Scott Sanders' Black Dynamite is a broad blaxpoitation parody that knows all the words and none of the music. There are laughs in it, to be sure, some of them robust. But it is primarily a triumph of photography and design, and the script that they serve is undercooked and weak--a one-joke premise that wears mighty thin by the time the film's brief-but-somehow-flabby 90 minutes come to an end.
Michael Jai White stars as the title character, a former CIA commando who is called back into action on the mean streets when his brother is killed and he gets word that drug dealers are selling smack to orphans. White, a muscley smooth talker with a killer Afro and matching mustache, mostly plays it straight, much to his credit (he only fails when he plays it too broad, as in the scene where he finds out about those orphans). Most of the other supporting players are too clearly in the joke, winking at the audience at mugging wildly, forgetting the main rule of successful parody (established most memorably in Airplane!), which is to take the role absolutely seriously, no matter how ridiculous your surroundings. Byron Minns, for example, plays Bullhorn, a rhyming club-owner clearly modeled on Rudy Ray Moore (specifically on his role in Disco Godfather, a film literally quoted at one point early in this one). But Minns plays him with a big grin, laughing at his own jokes, and it's the wrong approach entirely--part of the charm of the Moore films is how seriously he takes himself, as if he's really a credible action hero and the serious message of a picture like Disco Godfather isn't completely laughable.
To be fair, some of the gags--especially those that come early on--do work, like the car chase that ends with the fiery crash of a car that doesn't match up, or a montage of Black Dynamite and his crew cleaning up the streets with the help of hilariously mismatched stock footage. But there are also plenty of would-be comic set pieces that just lie there, like a meeting of pimps and hustlers (including a brief and uninspired appearance by Arsenio Hall) and a sex scene played out in cartoons and astrology symbols. In these moments, and in the opening scenes, Sanders and his screenwriters don't do the hard work of writing comedy--they're so impressed with their own cleverness that they forget to put in the punch lines.
Through much of the film, though, the design elements do most of the heavy lifting. Black Dynamite looks just right, as if it were an honest-to-goodness blaxpoitation picture that's been sitting in a vault for thirty-plus years. Cinematographer Shawn Maurer doesn't go the Grindhouse route, aging the film in post-production; instead, he shoots on a Super-16 color reversal stock, creating a high-contrast, richly saturated image, well-augmented by excellent imitations of the clunky camerawork and awkward framing that became part of the template. Sanders and his writers do manage the nail the tin-eared expositional dialogue (currently heard in the soap-opera minstrel shows of Tyler Perry), and the sound mixers even manage to replicate the slightly-hollow sound quality of those old dialogue scenes. Adrian Younge's original score is spot-on as well, full of funny trills and "Dynamite!" vocal hits. Ruth E. Carter's costume design couldn't be better, and the sets are a hoot (particularly the wonderfully chintzy White House interiors of the closing sequence).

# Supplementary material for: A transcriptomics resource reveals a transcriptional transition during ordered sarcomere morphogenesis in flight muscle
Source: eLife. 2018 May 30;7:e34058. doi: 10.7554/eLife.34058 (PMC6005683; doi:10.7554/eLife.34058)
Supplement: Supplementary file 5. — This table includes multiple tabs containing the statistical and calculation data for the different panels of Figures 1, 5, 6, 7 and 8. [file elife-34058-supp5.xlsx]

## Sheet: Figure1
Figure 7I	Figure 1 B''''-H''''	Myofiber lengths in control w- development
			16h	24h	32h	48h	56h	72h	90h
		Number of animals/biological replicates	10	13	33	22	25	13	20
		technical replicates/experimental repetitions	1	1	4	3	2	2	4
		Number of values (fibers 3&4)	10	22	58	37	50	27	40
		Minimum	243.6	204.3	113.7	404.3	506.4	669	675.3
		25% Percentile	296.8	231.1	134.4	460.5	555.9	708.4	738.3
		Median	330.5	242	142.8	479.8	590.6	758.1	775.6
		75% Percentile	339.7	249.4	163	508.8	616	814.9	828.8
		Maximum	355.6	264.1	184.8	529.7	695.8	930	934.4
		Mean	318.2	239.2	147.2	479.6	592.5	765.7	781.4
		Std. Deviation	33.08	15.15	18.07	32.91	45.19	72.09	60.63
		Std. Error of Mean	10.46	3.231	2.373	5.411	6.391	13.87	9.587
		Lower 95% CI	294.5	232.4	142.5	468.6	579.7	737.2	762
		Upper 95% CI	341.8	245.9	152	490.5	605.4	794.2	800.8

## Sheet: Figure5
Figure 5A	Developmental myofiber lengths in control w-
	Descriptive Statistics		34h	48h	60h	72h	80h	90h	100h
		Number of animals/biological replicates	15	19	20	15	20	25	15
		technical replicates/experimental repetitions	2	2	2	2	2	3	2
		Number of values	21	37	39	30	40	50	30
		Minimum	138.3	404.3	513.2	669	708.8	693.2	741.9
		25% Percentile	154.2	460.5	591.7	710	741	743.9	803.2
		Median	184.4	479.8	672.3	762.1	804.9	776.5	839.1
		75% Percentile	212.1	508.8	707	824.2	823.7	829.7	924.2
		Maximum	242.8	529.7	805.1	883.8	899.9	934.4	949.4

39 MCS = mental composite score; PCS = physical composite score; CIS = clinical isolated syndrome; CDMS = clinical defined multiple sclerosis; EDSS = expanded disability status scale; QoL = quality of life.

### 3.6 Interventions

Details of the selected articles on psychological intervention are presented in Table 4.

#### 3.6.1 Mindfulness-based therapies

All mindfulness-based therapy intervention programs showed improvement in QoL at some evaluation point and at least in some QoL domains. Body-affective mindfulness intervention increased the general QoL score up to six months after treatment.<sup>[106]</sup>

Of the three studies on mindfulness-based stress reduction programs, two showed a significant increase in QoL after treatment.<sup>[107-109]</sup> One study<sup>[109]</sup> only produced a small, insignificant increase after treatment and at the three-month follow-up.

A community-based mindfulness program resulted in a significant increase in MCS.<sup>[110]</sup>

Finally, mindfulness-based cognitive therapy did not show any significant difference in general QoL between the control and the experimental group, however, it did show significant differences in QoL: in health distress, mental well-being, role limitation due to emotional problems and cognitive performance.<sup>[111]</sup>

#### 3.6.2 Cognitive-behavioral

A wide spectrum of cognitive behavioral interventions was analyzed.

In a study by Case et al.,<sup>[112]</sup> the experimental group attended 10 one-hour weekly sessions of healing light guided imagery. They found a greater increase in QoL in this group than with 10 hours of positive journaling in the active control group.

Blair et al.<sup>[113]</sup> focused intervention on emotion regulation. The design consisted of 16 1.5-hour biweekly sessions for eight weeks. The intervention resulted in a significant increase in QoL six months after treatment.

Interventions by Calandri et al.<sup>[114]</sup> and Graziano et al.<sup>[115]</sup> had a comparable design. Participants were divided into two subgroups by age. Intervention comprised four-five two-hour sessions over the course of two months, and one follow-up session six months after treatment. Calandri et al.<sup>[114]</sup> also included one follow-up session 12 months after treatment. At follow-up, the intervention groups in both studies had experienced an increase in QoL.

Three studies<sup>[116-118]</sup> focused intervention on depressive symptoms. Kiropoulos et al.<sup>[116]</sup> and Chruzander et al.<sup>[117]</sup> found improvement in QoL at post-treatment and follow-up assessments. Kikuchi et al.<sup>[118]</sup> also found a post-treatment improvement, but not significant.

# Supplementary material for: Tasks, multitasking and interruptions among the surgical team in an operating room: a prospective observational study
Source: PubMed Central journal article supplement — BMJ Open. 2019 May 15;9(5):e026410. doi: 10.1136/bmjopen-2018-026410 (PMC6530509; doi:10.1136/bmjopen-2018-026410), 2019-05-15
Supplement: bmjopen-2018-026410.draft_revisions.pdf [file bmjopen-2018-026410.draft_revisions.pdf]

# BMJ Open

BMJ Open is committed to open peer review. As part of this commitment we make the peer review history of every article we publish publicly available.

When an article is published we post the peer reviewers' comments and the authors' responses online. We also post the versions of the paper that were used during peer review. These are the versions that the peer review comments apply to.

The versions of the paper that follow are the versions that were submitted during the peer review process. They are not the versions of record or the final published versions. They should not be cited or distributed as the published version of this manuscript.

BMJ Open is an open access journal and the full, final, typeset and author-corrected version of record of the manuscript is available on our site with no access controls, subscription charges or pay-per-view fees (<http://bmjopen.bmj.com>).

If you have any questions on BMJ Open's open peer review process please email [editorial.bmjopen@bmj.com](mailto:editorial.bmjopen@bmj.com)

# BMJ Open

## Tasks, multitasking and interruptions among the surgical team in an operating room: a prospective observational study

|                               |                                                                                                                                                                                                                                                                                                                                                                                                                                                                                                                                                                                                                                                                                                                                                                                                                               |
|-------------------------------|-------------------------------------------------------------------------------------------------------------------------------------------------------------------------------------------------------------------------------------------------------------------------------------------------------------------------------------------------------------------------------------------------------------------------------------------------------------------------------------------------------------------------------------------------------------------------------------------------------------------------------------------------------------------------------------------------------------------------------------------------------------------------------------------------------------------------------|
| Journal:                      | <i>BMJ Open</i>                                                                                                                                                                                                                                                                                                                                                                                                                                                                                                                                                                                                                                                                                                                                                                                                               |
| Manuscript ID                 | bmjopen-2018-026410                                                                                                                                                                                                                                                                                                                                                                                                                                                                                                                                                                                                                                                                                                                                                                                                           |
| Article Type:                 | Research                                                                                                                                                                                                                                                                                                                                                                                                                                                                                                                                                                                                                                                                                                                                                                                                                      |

However, the karate scenes are played too straight and look too good (at least compared to the oeuvre of the aforementioned Rudy Ray Moore); an early kung-fu training scene lands some laughs from its stilted choreography and poorly-timed editing, but that's abandoned later, for no good reason. Sanders makes another key error in utilizing some obvious CG (for a man on fire) and green-screen (when Dynamite parachutes out of a chopper); it looks and feels wrong, wrong, wrong, blowing the carefully replicated vintage aesthetic.
Black Dynamite mocks blaxpoitation pictures with affection, and make no mistake, they're easy to sneer at. Those filmmakers were often making it up as they went along, doing their best with ridiculously low budgets and limited resources. But part of the reason that so many of them have survived and influenced filmmakers today was that their energy was undeniable. Little to none of that energy is evident in this send-up, which lurches from scene to scene and often leaves its cast standing around in period costumes on period sets, waiting for something funny to happen. It works in places as a parody, but also has the misfortune of following the Grindhouse films to the marketplace--which worked both as spoofs and as their own enjoyable entertainments. In Black Dynamite, not much happens once they've wrung the easy laughs out of the premise.
If I'm a little too hard on the movie, it's mostly out of disappointment--I was genuinely excited to see if after taking in its brilliant trailer a few months back.. The trouble is, you'll get about as much out of the film as you will from that trailer (the clothes, the cars, the action, the flawless recreation of period low-budget filmmaking), but it's 88 minutes shorter and it's free.
Jason lives with his wife Rebekah and their daughter Lucy in New York. He holds an MA in Cultural Reporting and Criticism from NYU. He is film editor for Flavorwire and is a contributor to Salon, the Atlantic, and several other publications. His first book, Pulp Fiction: The Complete History of Quentin Tarantino's Masterpiece, was released last fall by Voyageur Press. He blogs at Fourth Row Center and is yet another critic with a Twitter feed.